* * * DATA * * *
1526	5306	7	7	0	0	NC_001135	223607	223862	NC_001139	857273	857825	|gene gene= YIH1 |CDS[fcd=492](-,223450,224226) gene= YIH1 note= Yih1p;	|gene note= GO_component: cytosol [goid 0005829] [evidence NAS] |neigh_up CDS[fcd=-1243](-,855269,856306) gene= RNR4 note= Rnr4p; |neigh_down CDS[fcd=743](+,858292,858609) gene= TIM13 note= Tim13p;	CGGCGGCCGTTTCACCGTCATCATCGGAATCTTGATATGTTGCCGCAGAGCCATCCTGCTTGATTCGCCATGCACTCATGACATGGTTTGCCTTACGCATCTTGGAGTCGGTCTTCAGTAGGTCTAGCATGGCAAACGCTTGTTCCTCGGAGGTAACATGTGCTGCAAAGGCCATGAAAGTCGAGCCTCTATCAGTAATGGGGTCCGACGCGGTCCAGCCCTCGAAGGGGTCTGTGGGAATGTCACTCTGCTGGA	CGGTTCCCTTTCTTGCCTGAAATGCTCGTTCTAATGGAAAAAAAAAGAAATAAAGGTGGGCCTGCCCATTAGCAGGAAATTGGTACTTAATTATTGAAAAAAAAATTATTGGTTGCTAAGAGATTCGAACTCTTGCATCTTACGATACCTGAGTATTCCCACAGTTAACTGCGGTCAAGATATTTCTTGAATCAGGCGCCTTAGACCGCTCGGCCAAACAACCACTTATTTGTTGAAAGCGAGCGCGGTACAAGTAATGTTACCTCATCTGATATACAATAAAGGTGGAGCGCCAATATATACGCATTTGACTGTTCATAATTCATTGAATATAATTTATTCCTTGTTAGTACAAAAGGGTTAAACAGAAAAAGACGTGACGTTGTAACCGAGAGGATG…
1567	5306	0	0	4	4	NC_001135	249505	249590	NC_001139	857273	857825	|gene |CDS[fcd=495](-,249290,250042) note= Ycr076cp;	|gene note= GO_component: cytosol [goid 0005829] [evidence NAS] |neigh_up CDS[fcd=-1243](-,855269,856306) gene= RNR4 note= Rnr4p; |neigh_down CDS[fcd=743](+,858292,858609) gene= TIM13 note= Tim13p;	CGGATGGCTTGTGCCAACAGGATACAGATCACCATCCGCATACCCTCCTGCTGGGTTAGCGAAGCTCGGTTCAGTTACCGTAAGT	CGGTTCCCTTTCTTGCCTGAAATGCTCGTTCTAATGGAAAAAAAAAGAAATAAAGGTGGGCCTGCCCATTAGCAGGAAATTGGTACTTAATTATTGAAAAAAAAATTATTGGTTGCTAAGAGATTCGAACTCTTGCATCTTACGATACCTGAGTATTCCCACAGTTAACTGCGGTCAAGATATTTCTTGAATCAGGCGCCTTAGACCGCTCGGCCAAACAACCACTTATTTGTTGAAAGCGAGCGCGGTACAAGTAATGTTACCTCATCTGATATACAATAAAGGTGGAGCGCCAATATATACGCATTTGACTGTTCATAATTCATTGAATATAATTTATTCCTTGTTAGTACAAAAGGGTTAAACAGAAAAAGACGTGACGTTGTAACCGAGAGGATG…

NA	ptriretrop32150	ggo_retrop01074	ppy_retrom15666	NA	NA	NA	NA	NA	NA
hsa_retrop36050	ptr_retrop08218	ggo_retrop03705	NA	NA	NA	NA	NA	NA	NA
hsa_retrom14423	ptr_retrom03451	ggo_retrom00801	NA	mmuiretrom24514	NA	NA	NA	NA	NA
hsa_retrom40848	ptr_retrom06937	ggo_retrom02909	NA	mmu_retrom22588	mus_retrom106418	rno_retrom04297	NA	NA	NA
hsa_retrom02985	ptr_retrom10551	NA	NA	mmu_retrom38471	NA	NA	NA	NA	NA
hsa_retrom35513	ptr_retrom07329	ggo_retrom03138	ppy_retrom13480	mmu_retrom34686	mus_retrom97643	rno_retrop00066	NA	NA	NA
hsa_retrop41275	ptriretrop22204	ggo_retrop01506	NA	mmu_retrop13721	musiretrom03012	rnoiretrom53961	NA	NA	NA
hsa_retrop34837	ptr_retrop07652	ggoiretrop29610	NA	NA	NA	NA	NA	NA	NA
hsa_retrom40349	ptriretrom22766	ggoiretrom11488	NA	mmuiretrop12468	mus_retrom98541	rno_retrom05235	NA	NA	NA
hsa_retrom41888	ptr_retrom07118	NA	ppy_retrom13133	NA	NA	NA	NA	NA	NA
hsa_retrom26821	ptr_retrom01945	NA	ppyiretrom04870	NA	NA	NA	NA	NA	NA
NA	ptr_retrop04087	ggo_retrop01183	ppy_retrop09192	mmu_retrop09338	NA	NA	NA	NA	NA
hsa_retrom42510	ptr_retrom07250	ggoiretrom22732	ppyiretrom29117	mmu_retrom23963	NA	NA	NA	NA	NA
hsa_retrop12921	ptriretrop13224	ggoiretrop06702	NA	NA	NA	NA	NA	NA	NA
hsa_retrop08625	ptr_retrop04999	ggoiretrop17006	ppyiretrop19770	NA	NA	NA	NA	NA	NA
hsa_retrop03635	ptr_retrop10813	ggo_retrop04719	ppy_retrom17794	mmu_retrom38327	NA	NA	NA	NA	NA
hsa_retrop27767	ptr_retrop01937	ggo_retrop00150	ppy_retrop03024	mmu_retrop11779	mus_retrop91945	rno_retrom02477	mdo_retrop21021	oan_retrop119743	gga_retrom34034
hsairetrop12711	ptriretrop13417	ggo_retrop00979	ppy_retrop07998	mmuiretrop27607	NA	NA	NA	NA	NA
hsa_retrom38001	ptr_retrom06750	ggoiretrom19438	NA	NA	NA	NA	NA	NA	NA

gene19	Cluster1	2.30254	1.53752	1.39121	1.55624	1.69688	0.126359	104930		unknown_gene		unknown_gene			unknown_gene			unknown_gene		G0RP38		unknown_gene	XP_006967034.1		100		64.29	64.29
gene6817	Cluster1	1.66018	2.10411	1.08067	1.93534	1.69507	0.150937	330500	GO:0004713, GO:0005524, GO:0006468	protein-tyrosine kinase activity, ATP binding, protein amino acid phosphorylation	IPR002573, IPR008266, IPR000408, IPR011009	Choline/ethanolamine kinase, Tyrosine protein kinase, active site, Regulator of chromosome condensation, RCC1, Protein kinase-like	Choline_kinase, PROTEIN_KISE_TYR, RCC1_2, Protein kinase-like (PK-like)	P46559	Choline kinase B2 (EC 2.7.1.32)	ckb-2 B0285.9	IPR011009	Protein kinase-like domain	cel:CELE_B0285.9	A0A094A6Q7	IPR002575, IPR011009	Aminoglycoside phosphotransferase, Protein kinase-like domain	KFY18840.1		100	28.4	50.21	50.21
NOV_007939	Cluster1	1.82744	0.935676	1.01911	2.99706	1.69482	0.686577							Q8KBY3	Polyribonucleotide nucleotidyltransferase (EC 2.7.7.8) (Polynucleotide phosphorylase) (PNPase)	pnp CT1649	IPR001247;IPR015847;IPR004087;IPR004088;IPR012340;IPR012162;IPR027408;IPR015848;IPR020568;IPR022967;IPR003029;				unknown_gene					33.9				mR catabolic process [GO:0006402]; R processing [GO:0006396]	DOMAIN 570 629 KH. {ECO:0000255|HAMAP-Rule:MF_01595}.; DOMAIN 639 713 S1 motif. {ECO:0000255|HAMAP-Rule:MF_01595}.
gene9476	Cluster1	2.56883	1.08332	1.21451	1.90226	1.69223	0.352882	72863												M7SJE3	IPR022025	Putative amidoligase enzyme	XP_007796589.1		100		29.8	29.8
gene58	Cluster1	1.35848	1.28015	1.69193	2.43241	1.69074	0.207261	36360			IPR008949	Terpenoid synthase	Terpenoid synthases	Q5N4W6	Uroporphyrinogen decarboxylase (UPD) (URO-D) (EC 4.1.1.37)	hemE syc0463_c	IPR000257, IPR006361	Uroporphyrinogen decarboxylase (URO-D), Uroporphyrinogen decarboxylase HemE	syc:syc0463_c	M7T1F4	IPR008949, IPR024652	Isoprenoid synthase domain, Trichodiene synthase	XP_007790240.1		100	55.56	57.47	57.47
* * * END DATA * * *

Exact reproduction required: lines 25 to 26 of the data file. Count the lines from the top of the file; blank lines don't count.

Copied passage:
gene9476	Cluster1	2.56883	1.08332	1.21451	1.90226	1.69223	0.352882	72863												M7SJE3	IPR022025	Putative amidoligase enzyme	XP_007796589.1		100		29.8	29.8
gene58	Cluster1	1.35848	1.28015	1.69193	2.43241	1.69074	0.207261	36360			IPR008949	Terpenoid synthase	Terpenoid synthases	Q5N4W6	Uroporphyrinogen decarboxylase (UPD) (URO-D) (EC 4.1.1.37)	hemE syc0463_c	IPR000257, IPR006361	Uroporphyrinogen decarboxylase (URO-D), Uroporphyrinogen decarboxylase HemE	syc:syc0463_c	M7T1F4	IPR008949, IPR024652	Isoprenoid synthase domain, Trichodiene synthase	XP_007790240.1		100	55.56	57.47	57.47